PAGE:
You are welcome to join with us on Easter so that, rather than participating in a sterile, distant way via this blog, you can experience for yourself the Liturgy of the Eucharist at Holy Spirit Parish.

George said...

I can't see any problem or difficulty with including the Kyrie, Sanctus and Agnus Dei in a vernacular Mass. Might not "full, conscious, and active participation" also extend outside the Mass itself? As I know many are already doing in seeking to learn more about their faith in scripture studies etc. Latin was the liturgical lingua franca in the Church for the longest of time. Would it hurt anyone to learn a modicum of it? There are those who would not learn it even if the Church required them to, but if they had to know it to play the lottery you can bet there would be no lack of Latin scholars.

Rood Screen said...

John Nolan,

I just want to express my sympathy for the upper-case "Mass", and my preference for "Holy Mass".

John Nolan said...

Pater Ignotus

Thank you for your kind invitation, and who knows, I might take you up on it one day. I'm sure you don't try to replicate the LA shenanigans. This Easter Sunday I am singing in a small schola at an EF Missa Cantata which will include all the GR Propers, Mass I and Credo III, plus a couple of extra items at Offertory and Communion. The first part of the Mass, from the start of the Vidi Aquam to the end of the Sequence, is quite taxing (the only break being for the Collect and Epistle) and although things get a bit easier from then on, you still need to be on your toes - with only four singers there's nowhere to hide. This is full, conscious and active participation with a vengeance.

A quick cup of coffee and then on to London in time for the Solemn Latin OF Mass at the Oratory (and to get a seat you have to arrive early). With a professional choir taking care of the polyphony and the more complex chant there is a balance between interior and exterior participation (the congregation is expected to join in the Latin responses and the Pater Noster, and to sing the Credo alternatim with the choir). But I can also concentrate on the sacred drama, meditate on the texts, be uplifted by the music and give my full attention to the homily. As it's a major feast, the Gospel will be sung in Latin (for extra solemnity) but repeated in English.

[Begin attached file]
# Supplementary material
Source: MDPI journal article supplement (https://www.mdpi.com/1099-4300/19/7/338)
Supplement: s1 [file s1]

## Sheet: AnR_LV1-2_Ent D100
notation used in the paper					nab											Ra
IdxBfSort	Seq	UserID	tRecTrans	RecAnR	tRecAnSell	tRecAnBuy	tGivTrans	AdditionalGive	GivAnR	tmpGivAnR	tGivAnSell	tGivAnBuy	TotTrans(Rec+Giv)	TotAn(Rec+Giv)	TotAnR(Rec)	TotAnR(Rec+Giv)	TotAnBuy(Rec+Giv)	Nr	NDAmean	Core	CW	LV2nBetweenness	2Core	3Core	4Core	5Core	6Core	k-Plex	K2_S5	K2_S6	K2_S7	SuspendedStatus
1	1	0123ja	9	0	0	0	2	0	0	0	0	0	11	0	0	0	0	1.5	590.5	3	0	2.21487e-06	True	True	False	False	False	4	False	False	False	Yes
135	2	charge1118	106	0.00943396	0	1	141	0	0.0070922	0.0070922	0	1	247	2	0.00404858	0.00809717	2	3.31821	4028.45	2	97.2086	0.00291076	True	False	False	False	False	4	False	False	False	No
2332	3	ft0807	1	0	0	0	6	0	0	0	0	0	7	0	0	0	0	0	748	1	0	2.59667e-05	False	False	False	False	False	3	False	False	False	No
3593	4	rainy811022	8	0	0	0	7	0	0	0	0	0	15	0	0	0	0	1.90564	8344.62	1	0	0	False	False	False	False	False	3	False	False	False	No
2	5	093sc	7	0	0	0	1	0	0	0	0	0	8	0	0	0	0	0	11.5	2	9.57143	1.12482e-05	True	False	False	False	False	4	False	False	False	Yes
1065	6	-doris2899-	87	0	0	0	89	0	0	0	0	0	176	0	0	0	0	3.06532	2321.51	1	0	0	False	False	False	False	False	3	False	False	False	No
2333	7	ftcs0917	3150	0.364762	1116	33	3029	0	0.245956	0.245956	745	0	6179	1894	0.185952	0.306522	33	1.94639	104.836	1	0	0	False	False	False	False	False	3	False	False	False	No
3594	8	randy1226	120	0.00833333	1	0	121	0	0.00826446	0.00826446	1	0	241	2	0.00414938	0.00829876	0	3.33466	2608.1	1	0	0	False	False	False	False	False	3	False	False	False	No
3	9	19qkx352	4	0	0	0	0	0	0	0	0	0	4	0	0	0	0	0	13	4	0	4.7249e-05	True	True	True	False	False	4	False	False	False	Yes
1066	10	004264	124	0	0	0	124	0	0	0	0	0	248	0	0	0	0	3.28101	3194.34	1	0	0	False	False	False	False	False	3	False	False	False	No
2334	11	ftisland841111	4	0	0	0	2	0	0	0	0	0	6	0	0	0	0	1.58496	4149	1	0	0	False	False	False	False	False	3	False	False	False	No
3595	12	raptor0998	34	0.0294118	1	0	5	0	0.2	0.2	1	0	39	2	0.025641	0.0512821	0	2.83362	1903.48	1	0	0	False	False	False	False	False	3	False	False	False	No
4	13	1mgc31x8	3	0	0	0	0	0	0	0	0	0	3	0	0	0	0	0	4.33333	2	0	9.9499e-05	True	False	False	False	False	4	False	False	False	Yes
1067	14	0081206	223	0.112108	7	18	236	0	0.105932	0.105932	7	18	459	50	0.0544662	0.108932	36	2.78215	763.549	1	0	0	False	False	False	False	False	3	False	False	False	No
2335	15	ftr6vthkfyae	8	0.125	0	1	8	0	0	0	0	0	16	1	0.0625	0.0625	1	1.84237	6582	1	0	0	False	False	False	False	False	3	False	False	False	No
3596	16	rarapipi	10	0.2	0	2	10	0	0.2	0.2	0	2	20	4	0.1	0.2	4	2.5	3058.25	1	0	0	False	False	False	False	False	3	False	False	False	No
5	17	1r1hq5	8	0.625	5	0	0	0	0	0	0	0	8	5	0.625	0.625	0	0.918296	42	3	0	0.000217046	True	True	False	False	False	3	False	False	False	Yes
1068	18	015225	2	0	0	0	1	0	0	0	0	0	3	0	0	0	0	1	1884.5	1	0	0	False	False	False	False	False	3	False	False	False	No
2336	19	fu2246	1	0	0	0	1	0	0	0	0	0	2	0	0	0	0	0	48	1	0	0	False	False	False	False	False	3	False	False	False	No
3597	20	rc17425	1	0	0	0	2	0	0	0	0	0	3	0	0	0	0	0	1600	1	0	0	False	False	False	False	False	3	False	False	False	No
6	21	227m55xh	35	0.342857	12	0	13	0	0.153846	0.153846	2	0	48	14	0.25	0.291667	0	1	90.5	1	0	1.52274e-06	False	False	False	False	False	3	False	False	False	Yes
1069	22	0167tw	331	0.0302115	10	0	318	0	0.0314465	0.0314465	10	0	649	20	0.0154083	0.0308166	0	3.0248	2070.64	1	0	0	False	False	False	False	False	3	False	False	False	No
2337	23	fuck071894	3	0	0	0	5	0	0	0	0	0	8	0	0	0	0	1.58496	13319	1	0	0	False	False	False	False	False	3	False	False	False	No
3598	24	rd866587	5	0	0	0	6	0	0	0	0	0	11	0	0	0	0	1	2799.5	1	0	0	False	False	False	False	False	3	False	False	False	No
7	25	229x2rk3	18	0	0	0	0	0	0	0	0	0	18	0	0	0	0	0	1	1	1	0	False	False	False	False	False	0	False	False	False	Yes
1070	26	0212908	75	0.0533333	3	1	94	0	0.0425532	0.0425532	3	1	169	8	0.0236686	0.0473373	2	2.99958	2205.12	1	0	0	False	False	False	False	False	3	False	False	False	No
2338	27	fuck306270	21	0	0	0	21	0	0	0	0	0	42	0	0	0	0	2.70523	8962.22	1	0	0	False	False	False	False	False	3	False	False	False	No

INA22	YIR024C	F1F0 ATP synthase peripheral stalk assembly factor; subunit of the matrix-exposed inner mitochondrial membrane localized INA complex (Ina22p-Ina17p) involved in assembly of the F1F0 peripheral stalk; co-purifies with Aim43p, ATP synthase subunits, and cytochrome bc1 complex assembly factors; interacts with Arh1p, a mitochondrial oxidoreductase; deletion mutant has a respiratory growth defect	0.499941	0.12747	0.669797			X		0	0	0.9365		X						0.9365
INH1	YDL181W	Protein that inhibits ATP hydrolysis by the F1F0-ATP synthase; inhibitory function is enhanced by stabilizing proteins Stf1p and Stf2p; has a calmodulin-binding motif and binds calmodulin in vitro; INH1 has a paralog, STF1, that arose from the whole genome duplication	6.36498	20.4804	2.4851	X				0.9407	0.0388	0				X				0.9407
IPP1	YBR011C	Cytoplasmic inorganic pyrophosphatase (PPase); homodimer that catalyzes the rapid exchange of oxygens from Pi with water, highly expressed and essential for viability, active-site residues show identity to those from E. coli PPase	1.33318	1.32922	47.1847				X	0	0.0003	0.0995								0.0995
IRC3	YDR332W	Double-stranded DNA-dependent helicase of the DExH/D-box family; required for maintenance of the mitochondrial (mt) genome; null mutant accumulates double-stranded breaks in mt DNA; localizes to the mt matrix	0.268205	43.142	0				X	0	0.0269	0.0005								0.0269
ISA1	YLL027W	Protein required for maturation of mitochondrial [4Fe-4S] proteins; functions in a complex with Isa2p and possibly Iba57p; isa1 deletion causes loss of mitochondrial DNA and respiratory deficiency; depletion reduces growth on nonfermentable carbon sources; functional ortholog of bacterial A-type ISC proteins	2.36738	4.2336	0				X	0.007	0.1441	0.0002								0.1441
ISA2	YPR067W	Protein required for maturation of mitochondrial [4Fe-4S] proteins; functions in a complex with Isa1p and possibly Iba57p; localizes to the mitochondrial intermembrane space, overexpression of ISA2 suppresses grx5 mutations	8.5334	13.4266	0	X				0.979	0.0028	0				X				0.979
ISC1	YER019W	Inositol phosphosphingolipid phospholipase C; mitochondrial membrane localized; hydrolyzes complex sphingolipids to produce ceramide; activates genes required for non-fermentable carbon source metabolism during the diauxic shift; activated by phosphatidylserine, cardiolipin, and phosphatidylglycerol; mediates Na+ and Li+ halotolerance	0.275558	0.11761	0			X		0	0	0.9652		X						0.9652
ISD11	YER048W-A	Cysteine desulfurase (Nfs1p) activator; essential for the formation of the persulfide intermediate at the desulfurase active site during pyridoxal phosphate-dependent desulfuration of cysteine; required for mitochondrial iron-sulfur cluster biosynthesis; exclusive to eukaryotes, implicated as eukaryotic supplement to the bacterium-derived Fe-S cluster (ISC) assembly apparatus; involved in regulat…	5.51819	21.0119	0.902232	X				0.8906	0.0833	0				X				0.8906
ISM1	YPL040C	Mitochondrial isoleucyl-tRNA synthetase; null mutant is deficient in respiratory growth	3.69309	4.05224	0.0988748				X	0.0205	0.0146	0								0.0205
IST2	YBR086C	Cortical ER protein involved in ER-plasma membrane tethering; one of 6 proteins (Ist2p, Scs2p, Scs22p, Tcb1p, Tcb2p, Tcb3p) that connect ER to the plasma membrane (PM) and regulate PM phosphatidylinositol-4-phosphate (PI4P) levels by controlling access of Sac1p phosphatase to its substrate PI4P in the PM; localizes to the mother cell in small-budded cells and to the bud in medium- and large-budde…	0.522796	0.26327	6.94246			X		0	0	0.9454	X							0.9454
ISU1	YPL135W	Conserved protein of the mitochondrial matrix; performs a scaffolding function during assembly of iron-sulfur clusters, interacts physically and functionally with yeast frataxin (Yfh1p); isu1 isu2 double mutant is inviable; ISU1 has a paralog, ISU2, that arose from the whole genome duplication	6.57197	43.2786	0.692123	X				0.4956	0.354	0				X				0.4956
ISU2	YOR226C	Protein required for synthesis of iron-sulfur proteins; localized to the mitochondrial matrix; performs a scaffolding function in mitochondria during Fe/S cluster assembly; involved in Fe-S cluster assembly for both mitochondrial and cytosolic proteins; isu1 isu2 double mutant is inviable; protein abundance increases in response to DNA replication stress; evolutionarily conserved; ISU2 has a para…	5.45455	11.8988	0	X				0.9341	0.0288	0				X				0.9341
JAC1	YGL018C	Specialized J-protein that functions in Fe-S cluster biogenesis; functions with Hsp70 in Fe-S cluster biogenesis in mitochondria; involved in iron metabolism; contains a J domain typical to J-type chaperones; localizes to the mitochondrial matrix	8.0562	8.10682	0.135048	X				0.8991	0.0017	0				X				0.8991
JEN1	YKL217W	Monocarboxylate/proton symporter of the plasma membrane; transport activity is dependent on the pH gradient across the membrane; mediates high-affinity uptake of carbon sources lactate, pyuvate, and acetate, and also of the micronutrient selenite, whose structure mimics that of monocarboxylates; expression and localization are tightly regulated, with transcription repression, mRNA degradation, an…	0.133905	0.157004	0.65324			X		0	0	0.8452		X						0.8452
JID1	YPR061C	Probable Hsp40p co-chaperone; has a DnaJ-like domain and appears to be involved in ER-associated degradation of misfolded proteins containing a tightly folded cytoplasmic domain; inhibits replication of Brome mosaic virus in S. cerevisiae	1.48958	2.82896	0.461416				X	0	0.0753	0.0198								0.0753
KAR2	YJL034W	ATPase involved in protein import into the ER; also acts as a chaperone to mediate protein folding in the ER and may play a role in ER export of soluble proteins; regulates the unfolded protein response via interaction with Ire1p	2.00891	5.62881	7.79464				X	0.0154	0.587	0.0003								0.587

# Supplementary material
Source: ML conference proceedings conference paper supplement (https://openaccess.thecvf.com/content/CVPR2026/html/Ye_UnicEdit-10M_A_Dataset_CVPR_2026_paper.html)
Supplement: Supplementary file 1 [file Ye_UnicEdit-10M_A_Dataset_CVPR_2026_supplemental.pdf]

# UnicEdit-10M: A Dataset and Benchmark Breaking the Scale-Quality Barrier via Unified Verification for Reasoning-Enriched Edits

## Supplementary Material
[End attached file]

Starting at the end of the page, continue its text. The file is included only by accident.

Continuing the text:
Participation should not be interpreted too narrowly, nor imposed too dogmatically. Waugh had a point about the Germans - they do tend to stress the communal over the individual, and I'm not just thinking of the Nuremberg rallies.

Anonymous said...

It's difficult to imagine, John Nolan, than anyone in the English-speaking world this Sunday will more actively and consciously participate in Holy Mass, than you and those who attend both those two Masses you describe.

But if I were in London this Sunday, no doubt I'd pass up the EF Mass and attend just the Solemn OF Mass in Latin at the Oratory, it providing a truly wonderful opportunity for active and conscious participation richer than that available to 99.99% of U.S. Catholics.

Philemon Lloyd, Esq. said...

Why stop at "Holy Mass?"

Why not "Most Holy Mass?" Surely there is nothing holier on this side of the tombstone?

Ought we not echo the "t"radtion of the angels, though, and call it the "Holy, Holy, Holy Mass?" Surely that would be more pleasing to God.

Maybe we should say it three times: "Most Holy Mass, Most Holy Mass, Most Holy Mass" since the way "they" do it in Eastern liturgies is so "t"raditional and uncorrupted by the thinking of the 1) philistines, 2) apostates, 3) Masons, 4) Six Protestant Ministers, 5) Bugniniites, etc etc etc.

Oh my, oh my, oh my - such worries.

John Nolan said...

Henry, you're spot on. The EF Mass is at a small country church at an early hour, 8 o'clock, and once a month it is sung; in this instance on Laetare Sunday and Easter Sunday. The London Oratory, as you know, is a great and iconic church; in the dark days of the 1970s its Solemn Latin Masses (Novus Ordo) kept me practising. In those days the Tridentine Mass was very rarely done, but the younger priests are now consciously bi-ritual and both forms exist side-by-side.

It must be the only church in the world where every day one can hear Mass in the EF and also English OF and Latin OF. On Sundays the 1962 Low Mass is at 9 o'clock but I would plump for the Solemn Latin OF Mass at 11 o'clock. The sung Mass is the norm, after all, and I have never objected to the NO per se, indeed I would agree with Benedict XVI that it contains many spiritual riches.

But I don't go to Mass to bop around with pop music and see mini-skirted girls in the sanctuary, which in itself would mean that I would not be in a fit state to receive Communion.

Rood Screen said...

I thought it was "Philemon Lloyd, margrave".

Anonymous said...

Granted, Sir Philemon, obsession with details can trivialize them. But simply knowing whether a person writes Holy Mass or "mass" can simplify matters--suggesting as it does what he thinks about a range of substantive issues, so less need to spend further time finding out.

Gene said...

Philemon = Ignotus, most likely.

rcg said...

Phil, brings up a good point. There is a difference between Gnosticism and epistemology. The traditionalist should beware of worshiping his ritual and it's effects. Modernists avoid that temptation but find little else in the sanctuary to see but themselves. Both extremes would forget the presence of God. The traditionalists focus on that Presence and then build up the ritual to ensure they are prepared to enter into that presence. The penultimate liturgy, the detailed cleansing, the prayer and reflection, the language and music where every syllable is polished to aid in that effort for the congregation. If we can only participate by heartfelt contrition for our sins and gratitude for the priests that assemble this gift then we have participated fully.